Life & Culture

My Jewish grand tour of Europe

Claire Calman's inter-railing with her husband


Tourists couple on summer holidays visiting ancient stonebuilt archaeological church with arches in Italy

I am inter-railing! My son Leo, now 18, was researching online and foolishly showed me the Interrail website because he was so excited at the prospect of his trip. Even though I am a Jewish mother, I accept that trying to join his trip with his friends would be excessive, so I agreed to travel on different dates and via a different route so that there is no danger of overlap (“Fancy seeing you here! I brought you some factor 50 sunscreen and a hat”).
Given my tendency to get lost, I add ‘Husband’ to my pragmatic packing list. Release me on to a continent-wide rail network and I could well end up in a place from which my grandparents had taken considerable effort to flee.
Although undeniably useful, The Husband is not without his drawbacks. Once he is on holiday, his Jewish identity starts to assert itself with increased zeal.
At home, weeks can go by without his feeling an urgent need to go to shul; send him abroad and before he has reached the bottom of his first thimbleful of espresso, he will pipe up: “Oh, there’s a Jewish museum!”
I always know when he’s googling this sort of thing because he’ll suddenly say: “Did you know that X-thousand Jews were deported and murdered from Y____?”
Sometimes it would be nice to sit and eat an ice cream outside a café and simply enjoy being there rather than being confronted with the fact that the forebears of the people all around me, now laughing and talking and licking their own ice-creams, would happily have killed my ancestors if they’d been given the chance.
After a night in Paris, we head to Germany for a night before going on to Verona in Italy. As the train crosses the border from France to Germany, a tannoy announcement dictates that face masks are now mandatory. Less than ten seconds later, a line of four armed police (the first is carrying an automatic weapon across his body) patrol down the aisle. You have never seen such instant compliance in response to a train announcement.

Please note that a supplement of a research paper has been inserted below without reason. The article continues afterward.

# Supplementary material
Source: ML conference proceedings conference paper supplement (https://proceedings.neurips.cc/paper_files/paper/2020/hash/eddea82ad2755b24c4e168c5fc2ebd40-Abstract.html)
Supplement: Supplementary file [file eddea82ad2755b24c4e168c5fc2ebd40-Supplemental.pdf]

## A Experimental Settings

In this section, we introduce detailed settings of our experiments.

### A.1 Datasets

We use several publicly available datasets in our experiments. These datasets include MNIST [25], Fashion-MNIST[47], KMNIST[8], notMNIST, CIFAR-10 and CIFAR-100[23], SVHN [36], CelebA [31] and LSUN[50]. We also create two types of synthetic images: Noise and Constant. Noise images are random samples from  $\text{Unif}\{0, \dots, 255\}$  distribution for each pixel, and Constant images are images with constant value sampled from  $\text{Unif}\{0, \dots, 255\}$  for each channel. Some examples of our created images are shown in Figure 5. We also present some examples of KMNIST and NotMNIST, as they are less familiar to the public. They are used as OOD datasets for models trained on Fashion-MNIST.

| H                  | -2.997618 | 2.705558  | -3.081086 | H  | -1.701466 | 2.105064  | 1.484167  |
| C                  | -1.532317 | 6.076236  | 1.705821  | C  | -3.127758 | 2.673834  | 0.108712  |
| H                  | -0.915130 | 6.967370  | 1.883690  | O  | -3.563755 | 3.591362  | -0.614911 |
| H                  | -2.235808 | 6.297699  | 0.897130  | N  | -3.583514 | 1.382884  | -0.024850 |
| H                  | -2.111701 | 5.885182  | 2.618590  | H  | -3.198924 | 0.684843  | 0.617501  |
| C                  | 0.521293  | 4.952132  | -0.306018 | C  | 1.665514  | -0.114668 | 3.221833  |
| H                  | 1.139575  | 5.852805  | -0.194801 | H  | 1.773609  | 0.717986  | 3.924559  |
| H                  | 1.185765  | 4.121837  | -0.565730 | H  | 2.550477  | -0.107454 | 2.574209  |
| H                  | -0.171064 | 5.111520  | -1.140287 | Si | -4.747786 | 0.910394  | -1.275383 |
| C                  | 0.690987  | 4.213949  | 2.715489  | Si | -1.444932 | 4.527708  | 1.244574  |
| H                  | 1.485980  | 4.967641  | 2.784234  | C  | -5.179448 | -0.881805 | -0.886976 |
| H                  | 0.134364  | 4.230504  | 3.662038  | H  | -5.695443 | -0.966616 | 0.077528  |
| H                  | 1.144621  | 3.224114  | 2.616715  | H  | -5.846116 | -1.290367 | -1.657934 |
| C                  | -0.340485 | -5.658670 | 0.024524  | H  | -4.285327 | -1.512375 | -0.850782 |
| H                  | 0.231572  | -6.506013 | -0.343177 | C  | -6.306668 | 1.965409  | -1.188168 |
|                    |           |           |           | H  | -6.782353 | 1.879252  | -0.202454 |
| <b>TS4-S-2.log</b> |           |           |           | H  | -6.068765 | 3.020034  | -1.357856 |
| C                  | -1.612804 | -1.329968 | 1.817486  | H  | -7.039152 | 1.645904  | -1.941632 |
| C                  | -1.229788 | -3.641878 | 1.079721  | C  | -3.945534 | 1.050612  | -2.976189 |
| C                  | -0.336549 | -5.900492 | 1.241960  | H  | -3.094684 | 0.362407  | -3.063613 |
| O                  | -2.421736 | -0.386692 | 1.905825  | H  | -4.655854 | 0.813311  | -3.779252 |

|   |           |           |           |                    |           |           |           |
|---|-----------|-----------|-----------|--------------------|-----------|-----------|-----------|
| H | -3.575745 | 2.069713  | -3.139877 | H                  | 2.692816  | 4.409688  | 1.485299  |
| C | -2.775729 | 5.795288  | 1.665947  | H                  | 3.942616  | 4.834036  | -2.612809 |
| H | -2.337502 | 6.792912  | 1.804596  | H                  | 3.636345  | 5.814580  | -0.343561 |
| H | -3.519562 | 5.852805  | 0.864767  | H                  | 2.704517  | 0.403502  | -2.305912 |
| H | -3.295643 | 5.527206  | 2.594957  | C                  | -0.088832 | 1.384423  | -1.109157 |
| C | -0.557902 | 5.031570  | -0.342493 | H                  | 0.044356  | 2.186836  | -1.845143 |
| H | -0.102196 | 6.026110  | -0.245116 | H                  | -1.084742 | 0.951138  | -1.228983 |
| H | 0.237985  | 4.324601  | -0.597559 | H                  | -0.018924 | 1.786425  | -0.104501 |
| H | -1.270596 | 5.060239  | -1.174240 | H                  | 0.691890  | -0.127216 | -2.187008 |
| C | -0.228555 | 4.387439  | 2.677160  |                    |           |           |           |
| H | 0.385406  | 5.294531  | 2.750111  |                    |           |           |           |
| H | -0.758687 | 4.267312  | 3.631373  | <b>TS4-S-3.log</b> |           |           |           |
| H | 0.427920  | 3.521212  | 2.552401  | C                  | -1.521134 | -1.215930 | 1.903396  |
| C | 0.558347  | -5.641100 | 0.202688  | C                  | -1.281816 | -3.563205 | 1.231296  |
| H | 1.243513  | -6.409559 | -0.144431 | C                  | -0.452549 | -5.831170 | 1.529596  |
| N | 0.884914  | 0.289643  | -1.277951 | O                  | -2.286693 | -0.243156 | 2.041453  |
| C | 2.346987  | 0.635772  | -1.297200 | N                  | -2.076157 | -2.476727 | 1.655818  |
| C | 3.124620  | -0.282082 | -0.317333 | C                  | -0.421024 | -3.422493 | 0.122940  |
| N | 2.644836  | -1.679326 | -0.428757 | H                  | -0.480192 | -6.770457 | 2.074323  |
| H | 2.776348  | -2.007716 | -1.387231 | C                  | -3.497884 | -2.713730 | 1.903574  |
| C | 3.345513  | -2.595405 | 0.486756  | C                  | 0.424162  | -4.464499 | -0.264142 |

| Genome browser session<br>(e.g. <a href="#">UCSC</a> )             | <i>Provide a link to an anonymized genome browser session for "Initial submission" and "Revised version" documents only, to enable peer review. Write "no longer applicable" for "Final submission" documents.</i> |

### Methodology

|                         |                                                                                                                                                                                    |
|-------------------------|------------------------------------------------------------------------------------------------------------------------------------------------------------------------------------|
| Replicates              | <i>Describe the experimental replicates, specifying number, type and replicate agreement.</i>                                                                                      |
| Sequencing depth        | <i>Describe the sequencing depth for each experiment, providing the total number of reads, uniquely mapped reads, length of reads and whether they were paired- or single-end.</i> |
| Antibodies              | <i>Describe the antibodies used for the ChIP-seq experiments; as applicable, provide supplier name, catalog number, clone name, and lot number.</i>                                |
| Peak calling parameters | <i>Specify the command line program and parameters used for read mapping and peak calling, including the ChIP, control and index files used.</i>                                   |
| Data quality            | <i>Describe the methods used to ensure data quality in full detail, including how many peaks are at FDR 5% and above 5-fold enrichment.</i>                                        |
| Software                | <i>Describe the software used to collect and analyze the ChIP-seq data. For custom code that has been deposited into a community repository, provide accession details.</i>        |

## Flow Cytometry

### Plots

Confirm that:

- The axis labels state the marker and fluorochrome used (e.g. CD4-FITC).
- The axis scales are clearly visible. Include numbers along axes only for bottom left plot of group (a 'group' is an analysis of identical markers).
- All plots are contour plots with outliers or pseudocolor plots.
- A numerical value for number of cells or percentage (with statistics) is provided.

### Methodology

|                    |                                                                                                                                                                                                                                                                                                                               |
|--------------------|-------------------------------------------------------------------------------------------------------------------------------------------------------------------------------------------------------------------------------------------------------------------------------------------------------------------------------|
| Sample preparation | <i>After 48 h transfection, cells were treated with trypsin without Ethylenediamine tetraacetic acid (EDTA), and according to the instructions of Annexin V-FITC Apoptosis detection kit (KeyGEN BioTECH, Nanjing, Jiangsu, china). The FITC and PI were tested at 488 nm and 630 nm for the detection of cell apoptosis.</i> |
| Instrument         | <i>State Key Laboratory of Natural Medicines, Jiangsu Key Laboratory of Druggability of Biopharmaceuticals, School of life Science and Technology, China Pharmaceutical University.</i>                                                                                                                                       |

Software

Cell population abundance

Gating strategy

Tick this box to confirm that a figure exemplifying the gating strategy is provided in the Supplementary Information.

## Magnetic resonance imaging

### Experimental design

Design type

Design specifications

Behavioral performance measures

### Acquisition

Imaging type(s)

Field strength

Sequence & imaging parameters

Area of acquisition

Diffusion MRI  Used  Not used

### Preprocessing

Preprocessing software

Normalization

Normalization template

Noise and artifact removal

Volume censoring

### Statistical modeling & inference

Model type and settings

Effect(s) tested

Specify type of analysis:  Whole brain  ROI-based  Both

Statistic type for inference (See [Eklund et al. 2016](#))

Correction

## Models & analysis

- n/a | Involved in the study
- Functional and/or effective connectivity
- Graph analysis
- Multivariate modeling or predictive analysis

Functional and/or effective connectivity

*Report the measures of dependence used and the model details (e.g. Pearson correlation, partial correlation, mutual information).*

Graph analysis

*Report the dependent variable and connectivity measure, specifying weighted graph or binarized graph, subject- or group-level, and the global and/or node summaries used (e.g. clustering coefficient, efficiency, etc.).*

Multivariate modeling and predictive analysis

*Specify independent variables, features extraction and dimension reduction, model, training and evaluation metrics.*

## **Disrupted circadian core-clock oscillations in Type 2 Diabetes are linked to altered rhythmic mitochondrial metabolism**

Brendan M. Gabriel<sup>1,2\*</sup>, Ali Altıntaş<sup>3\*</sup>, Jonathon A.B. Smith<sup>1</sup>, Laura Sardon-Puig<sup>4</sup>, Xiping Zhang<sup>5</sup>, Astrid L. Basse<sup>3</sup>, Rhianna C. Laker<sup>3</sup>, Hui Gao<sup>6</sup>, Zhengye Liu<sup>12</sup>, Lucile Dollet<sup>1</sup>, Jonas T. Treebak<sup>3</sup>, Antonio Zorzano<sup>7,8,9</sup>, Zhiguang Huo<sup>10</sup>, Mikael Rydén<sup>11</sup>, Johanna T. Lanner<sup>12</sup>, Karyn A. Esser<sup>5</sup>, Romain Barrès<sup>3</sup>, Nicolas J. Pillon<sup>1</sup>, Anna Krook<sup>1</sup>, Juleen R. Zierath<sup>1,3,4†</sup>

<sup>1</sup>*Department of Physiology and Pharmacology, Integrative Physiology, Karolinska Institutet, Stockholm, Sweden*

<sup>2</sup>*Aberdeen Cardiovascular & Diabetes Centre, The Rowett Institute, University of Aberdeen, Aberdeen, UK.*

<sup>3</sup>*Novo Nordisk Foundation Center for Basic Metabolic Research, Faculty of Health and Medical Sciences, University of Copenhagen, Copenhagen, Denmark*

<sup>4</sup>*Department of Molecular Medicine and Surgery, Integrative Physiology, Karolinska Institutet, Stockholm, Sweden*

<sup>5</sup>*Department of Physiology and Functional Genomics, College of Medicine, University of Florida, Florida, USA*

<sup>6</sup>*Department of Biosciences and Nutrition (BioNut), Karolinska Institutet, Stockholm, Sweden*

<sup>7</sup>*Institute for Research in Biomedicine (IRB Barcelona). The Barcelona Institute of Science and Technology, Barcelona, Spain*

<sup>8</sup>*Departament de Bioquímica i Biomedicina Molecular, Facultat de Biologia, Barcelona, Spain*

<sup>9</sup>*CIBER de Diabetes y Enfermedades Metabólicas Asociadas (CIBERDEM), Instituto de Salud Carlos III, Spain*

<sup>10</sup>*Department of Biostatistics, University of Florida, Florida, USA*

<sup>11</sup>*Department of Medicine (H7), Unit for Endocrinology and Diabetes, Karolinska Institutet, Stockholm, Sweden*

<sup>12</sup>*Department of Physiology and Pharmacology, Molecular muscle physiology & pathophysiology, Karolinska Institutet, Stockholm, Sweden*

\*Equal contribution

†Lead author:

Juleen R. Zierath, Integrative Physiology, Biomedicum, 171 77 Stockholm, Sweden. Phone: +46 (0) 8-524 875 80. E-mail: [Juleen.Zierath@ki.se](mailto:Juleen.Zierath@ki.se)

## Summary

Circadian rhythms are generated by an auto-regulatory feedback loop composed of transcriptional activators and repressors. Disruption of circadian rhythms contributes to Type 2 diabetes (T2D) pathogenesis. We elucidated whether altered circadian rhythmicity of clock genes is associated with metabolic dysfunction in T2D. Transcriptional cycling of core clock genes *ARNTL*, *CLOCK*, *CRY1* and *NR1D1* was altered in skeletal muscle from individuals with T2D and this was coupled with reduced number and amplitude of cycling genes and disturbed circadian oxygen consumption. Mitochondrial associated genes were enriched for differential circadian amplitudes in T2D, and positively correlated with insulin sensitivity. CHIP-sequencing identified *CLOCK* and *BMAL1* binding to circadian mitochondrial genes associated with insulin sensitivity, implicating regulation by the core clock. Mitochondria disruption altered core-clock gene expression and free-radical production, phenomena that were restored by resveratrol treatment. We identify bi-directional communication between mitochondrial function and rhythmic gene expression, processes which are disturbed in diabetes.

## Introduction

Heading towards Munich, The Husband pulls out his mobile to check the route that the train is taking. “Look!” He points at the map, sounding almost triumphant that, as he’d thought, everyone wants us dead: “Dachau.”
In Munich, he persists in crossing the road against the lights. When I protest (years ago, I was reprimanded by police in Antwerp for crossing at a red signal in a completely empty street), he points out this is what happens in a country when people obey orders too readily — they stop thinking for themselves. Again and again, we notice people waiting for ages at pedestrian crossings because the light is against them, even though there is no traffic in sight.
In Trieste, he discovers that the old synagogue is unexpectedly still in use. Luckily, there is a guided tour available this very evening and he sensibly thinks to check the dress code.
When we arrive, despite the heat, I arrange my wrap to cover my décolletage at the front of my wrap dress. The tour guide emerges from the shul and politely but firmly eliminates almost all the men from the tour as they are wearing shorts (it’s 28°). One woman has to put on her cardigan. Another ties her large scarf around her legs as a sarong over her shorts.
We are glad we’ve made the effort because, once inside, we see that the shul is exquisite. It’s absolutely beautiful with a cupola lined with tiny gold tesserae and a vast, towering monument containing the Ark, which looks as if it was borrowed from the props department of Anthony and Cleopatra.
The raised mechitza, an ornate, carved wooden screen on stilts, divides the men and women on the ground floor. Formerly, the women sat in the upstairs gallery but now the congregation is so diminished, this is no longer practical.
The screen seems higher than I would expect; perhaps it is only intended to filter out visiting tall WASP women. Once seated, short Jewish women like me would clearly be entirely visible beneath the screen.
Afterwards, in a restaurant, The Husband takes out his phone to check the meaning of a specific word. He starts to type into Google: ITAL... and it immediately offers: ITALY — JEWS as its first suggestion. Non ho niente da aggiungere (I rest my case)...

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